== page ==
Stiffer all-mountain boards will be better for riders who want the option to do some park/ freestyle but primarily stick to freeriding. Conversely, softer all-mountain boards are best for riders who want to do mostly freestyle but a little bit of freeriding as well.
Check out this article comparing all-mountain and freestyle snowboards to learn more about their differences.
Twin vs Directional Snowboards
The flexibility of a snowboard often varies along its length with directional snowboards. Usually the snowboard is stiffer at the tail end and more flexible at the nose. The extra stiffness at the tail helps to improve edge hold, whereas the softness at the nose helps the board to float in powder.
Twin-tip snowboards are designed to ride the same backwards and forwards because they are symmetrical. These snowboards have the same level of stiffness at the nose and tail and are also known as “twin-flex” boards.
Ideal Snowboard Stiffness?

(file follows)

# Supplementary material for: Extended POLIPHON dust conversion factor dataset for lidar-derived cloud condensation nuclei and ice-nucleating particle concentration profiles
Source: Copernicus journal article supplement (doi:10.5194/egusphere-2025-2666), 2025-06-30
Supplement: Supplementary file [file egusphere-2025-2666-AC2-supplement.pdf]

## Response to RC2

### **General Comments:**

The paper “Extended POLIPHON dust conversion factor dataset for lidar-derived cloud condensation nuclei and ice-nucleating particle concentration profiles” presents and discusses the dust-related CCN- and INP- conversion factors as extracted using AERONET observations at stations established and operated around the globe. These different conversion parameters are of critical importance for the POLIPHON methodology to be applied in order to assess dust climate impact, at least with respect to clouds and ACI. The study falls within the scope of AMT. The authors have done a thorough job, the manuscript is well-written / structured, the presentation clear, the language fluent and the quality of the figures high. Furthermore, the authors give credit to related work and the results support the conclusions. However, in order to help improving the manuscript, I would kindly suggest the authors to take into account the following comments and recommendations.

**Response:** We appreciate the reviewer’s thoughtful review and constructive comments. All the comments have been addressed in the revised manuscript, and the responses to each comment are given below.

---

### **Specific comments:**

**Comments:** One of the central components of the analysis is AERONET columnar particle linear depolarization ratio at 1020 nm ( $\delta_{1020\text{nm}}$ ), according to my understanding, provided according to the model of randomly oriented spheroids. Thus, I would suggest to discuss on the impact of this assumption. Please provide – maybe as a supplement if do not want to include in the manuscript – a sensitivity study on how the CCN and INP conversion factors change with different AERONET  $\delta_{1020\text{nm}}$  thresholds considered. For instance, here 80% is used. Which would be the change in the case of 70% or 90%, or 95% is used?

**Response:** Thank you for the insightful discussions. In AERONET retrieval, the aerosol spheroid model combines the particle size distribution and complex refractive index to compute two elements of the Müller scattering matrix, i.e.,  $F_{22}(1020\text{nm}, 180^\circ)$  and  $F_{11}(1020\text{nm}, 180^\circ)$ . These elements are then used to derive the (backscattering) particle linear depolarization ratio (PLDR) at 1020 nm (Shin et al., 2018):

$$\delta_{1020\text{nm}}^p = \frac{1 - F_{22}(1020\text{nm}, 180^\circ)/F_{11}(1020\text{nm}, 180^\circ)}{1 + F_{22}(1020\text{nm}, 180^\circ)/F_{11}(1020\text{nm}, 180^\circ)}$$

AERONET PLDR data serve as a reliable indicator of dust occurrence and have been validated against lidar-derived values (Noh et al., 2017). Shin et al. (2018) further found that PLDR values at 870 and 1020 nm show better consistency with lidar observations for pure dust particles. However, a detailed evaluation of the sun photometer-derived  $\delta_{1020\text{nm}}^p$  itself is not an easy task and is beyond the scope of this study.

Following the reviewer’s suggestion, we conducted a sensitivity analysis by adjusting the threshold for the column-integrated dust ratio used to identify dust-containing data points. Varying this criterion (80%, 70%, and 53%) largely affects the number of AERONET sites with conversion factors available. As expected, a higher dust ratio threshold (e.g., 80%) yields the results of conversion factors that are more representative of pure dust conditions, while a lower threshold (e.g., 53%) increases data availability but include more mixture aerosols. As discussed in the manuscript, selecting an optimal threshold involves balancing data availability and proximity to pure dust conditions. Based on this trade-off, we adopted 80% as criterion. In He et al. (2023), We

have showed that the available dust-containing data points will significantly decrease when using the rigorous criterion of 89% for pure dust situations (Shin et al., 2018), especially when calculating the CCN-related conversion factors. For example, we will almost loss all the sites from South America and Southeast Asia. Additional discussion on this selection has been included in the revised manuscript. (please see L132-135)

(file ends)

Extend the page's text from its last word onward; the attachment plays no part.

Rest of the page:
Okay so we’ve been through a lot in this article and I wanted to help give you a more definitive answer as to which snowboard flex rating will be most suitable for you.
The ideal flex rating for your snowboard will depend on the following things:
- The type of snowboarding you’re doing
- Your height and weight
- Your ability level
As we discussed earlier, stiffer boards work best for free-riding, whereas softer board work best for park/ freestyle. If you’re mixing up the type of snowboarding you’re doing then you’ll need to go with an all-mountain board which will have a moderate-soft, moderate or moderate-hard flex rating.
Heavier riders require a stiffer snowboard to give them more support compared to lighter riders which will find a softer snowboard more suitable. If you are above average in terms of your weight according to your height, then you’ll need a slightly stiffer board by 1-2 points on the flex scale within the range for the type of snowboarding you’re doing.
For example, if you are an all-mountain rider with a lower weight for your height then you’ll probably be best with a flex rating of 4-5 rather than a flex rating of 6-7 which would suit a heavier rider.
Finally, we need to talk about ability level.
Softer snowboards are more forgiving and easier to control so are favoured by beginners. Stiffer boards feel more stable at high speeds so are better for more advanced, aggressive riders.
Hence, if you are looking for an all-mountain board and are a complete beginner then it’s best to stick to a flex rating of 4-5 rather than going for a much stiffer board.